Nothing beats an omelet for an elegant brunch, an easy lunch, or a quick supper. Fast to make, omelets can be flavored with an assortment of ingredients ranging from ordinary cheese and onions to more exotic wild mushrooms and smoked salmon.
Just about everyone likes omelets but not everyone can make one. These culinary creations fall into the category of “tricky at first but once mastered, very easy to make.”
Omelets are most successful made with at least two large eggs, rather than a single egg. You can make omelets with three, four, or five eggs. Cooking larger omelets becomes unwieldy. For numerous servings, cook several omelets.
While you can make omelets in a small skillet, a nonstick omelet pan will make the task easier. For a two-egg omelet, you will need a six- to eight-inch diameter pan.
To begin, whisk the eggs in a bowl. Season them lightly with salt and pepper but do not add anything else, such as water, milk, or cream, unless a recipe specifies.
Most eggs are cooked slowly over a gentle flame. Contrarily, omelets are cooked over high heat and take only minutes.
The key to success is to have the fat – usually butter -- hot enough to set the exterior of the omelet but not so hot that it cooks the eggs so fast that they toughen.
The fat is ready for the eggs when it has foamed and then subsided.
If the fat is the right temperature, a two-egg omelet will take about 90 seconds to cook. That’s it!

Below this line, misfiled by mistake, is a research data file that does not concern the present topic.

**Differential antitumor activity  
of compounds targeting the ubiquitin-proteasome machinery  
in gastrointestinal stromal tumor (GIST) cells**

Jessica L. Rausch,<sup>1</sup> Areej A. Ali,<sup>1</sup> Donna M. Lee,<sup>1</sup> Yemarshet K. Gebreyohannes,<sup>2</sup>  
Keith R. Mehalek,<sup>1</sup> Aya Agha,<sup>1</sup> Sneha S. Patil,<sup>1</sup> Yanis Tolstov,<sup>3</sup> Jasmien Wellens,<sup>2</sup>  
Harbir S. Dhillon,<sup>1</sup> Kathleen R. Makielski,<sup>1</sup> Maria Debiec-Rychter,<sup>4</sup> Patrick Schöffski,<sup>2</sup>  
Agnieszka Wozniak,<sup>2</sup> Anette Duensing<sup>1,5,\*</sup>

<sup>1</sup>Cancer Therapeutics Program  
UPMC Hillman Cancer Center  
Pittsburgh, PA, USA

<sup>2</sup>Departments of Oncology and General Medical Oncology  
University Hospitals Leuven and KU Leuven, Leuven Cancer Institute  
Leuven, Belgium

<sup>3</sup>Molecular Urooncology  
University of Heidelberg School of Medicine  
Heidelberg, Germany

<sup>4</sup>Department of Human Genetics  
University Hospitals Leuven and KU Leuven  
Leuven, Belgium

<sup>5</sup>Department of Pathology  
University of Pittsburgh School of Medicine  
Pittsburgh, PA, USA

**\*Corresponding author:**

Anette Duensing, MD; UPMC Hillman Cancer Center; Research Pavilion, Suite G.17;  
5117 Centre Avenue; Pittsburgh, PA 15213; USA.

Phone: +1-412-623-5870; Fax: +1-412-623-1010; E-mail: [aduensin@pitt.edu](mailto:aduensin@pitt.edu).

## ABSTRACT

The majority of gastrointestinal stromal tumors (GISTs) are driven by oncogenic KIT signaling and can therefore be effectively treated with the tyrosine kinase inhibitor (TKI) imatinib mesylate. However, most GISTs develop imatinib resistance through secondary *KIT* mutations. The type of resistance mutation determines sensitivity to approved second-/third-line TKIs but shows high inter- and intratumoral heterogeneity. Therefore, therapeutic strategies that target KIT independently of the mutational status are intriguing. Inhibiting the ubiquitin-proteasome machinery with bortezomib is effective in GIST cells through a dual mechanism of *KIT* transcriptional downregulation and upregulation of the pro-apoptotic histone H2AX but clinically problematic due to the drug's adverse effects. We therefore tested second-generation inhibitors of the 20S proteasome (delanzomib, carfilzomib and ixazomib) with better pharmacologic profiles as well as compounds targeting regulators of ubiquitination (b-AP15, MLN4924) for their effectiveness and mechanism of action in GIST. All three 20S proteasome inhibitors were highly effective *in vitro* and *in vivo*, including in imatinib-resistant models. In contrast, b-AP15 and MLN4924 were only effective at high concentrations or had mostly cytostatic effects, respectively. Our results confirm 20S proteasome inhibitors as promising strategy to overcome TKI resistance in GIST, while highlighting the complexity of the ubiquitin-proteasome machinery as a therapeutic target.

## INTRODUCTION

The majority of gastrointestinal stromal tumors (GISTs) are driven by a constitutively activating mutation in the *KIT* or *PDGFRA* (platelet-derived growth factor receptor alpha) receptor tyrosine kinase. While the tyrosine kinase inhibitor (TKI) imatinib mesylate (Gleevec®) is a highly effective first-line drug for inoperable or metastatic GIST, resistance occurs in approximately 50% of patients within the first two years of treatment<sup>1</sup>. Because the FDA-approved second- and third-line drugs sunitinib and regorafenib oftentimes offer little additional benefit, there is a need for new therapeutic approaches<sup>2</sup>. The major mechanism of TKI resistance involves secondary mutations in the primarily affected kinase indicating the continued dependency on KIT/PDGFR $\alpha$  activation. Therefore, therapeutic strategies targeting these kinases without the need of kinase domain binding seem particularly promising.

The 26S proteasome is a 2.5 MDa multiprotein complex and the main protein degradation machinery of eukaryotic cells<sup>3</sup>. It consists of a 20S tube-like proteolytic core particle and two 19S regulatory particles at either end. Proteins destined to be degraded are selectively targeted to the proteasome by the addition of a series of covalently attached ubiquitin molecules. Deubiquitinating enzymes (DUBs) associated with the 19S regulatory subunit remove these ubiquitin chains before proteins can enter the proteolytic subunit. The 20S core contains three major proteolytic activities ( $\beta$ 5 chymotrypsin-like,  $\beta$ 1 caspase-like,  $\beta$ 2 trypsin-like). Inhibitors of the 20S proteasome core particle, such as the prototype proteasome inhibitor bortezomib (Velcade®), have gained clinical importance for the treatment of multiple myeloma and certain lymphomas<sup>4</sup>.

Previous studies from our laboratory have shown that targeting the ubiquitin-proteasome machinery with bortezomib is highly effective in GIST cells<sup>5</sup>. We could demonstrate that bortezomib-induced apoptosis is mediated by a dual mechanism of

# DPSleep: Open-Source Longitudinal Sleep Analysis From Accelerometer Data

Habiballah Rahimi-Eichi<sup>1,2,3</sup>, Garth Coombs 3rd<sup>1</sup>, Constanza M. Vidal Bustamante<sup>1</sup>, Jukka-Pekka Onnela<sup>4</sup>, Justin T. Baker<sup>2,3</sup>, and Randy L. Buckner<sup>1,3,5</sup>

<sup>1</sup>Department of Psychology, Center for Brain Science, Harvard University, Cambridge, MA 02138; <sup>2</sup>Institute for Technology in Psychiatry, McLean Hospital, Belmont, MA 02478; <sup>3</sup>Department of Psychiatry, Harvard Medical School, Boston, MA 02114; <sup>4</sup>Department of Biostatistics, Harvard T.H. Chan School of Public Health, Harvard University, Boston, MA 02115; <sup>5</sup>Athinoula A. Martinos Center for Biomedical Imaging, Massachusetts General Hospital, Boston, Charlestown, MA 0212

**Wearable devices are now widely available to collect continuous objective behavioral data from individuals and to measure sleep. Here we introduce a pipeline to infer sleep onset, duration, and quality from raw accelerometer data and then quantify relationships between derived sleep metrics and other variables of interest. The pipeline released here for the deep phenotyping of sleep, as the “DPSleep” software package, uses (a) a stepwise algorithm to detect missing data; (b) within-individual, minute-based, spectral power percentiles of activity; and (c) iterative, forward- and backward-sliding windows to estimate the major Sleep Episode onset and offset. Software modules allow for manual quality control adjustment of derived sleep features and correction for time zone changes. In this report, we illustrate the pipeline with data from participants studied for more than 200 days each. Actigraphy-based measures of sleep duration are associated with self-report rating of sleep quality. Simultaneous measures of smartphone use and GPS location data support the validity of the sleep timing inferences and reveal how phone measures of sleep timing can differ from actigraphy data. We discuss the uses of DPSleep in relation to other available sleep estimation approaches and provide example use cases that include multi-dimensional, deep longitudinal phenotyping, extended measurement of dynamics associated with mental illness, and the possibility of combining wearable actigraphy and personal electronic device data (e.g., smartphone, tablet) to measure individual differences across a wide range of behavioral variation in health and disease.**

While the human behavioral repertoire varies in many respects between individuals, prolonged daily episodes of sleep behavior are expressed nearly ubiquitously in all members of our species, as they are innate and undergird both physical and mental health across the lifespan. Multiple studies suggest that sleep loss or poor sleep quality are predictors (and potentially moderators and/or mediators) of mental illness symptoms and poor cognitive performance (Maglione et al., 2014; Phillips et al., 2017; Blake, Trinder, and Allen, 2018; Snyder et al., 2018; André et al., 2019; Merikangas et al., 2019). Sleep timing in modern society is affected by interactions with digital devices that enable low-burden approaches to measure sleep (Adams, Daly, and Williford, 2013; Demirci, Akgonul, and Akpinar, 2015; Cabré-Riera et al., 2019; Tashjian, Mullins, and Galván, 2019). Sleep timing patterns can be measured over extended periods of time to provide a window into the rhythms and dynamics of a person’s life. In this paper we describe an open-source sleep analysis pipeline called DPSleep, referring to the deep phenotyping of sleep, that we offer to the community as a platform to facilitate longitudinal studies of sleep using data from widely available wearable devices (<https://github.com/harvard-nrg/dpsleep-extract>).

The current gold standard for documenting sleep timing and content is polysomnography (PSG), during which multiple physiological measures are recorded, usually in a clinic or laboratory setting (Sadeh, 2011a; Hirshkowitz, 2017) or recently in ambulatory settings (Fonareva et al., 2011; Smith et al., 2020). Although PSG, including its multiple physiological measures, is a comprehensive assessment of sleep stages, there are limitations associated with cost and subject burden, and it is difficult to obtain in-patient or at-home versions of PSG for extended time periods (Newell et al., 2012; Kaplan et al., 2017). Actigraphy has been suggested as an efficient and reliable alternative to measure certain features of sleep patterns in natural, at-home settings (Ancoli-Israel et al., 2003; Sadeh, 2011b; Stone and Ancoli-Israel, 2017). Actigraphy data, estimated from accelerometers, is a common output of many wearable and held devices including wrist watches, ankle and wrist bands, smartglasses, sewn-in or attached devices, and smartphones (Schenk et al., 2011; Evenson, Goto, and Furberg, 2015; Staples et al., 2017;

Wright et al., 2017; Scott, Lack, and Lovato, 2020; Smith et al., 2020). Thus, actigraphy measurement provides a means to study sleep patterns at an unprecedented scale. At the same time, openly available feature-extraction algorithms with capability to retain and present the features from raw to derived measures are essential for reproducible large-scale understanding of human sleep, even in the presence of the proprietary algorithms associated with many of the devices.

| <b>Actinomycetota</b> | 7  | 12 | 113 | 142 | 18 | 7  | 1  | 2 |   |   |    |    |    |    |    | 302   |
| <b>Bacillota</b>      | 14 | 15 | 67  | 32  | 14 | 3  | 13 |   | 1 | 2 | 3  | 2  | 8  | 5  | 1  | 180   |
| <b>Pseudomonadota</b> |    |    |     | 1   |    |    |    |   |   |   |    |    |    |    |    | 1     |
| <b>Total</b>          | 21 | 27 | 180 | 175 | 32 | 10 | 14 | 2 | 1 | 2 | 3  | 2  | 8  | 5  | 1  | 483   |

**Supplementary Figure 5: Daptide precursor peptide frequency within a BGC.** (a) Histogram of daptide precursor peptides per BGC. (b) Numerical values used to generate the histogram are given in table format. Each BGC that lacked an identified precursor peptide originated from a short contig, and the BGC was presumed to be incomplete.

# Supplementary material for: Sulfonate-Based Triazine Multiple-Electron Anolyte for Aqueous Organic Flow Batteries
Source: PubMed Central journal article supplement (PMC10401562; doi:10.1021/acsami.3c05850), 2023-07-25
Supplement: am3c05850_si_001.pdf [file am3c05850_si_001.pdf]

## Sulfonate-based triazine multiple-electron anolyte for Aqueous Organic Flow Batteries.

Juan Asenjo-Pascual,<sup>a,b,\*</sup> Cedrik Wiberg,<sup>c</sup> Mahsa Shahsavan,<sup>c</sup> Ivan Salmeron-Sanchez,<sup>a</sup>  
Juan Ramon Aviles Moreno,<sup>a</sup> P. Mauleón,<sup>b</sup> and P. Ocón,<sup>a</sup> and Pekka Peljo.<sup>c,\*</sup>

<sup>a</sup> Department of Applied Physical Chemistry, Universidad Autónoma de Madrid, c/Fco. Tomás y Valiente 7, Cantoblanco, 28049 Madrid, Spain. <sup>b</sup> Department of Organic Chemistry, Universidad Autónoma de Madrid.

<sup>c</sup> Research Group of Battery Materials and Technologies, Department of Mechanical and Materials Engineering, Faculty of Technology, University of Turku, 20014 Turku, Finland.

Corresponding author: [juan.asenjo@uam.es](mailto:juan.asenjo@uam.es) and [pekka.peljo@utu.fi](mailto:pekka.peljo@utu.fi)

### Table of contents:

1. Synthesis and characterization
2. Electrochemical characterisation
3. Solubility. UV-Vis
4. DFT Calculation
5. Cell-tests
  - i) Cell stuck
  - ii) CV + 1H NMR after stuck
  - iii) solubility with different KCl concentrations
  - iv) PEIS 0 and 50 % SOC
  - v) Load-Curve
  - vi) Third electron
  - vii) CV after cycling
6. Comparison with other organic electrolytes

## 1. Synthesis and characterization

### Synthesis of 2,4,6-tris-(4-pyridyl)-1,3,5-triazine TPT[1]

Success is yours if you work methodically and logically. Prepare the ingredients you plan to use to fill the omelets and have them ready. This includes the butter or margarine for cooking.
Slice the peppers, broccoli, onions, mushrooms, ham, and tomatoes; shred the cheese; chop the sausage, artichokes, asparagus, and herbs.
If you prefer, sauté or blanch vegetables first. Some ingredients, such as potatoes and bacon, must be pre-cooked.
Whisk as many eggs as you need in a bowl. If you plan to make four omelets, whisk eight eggs.
Tilt the pan to cover it with the hot fat. Ladle enough egg into a cup to measure a quarter cup and then pour this into the fat. This amount equals a two-egg omelet.
When you pour the eggs into it, shake the pan back and forth over the heat and stir the eggs at the same time with a fork.
Add the filling almost immediately and before the bottom of the eggs has set. Don’t overload the omelet with filling -- a quarter cup or so will do.
As soon as the filling is in place, start pushing at the edge of the omelet with a fork to fold or roll it. Tilt the pan at the same time and, when the bottom of the omelet is browned, tip the folded or rolled omelet onto a waiting plate.
Practice Makes Perfect
The first few times you try an omelet, it might break and you will end up with fancy scrambled eggs. Don’t give up. One day the neat, folded package will slide out of the pan and onto the plate and you will have become an official omelet chef.
If you are frustrated by folded omelets, you can always make flat ones. These are usually heartier than folded ones.
For flat omelets, begin by sautéing the filling ingredients in the fat. Pour the eggs over them and cook them just until set. Slide the omelet onto a place and cut it into wedges for serving.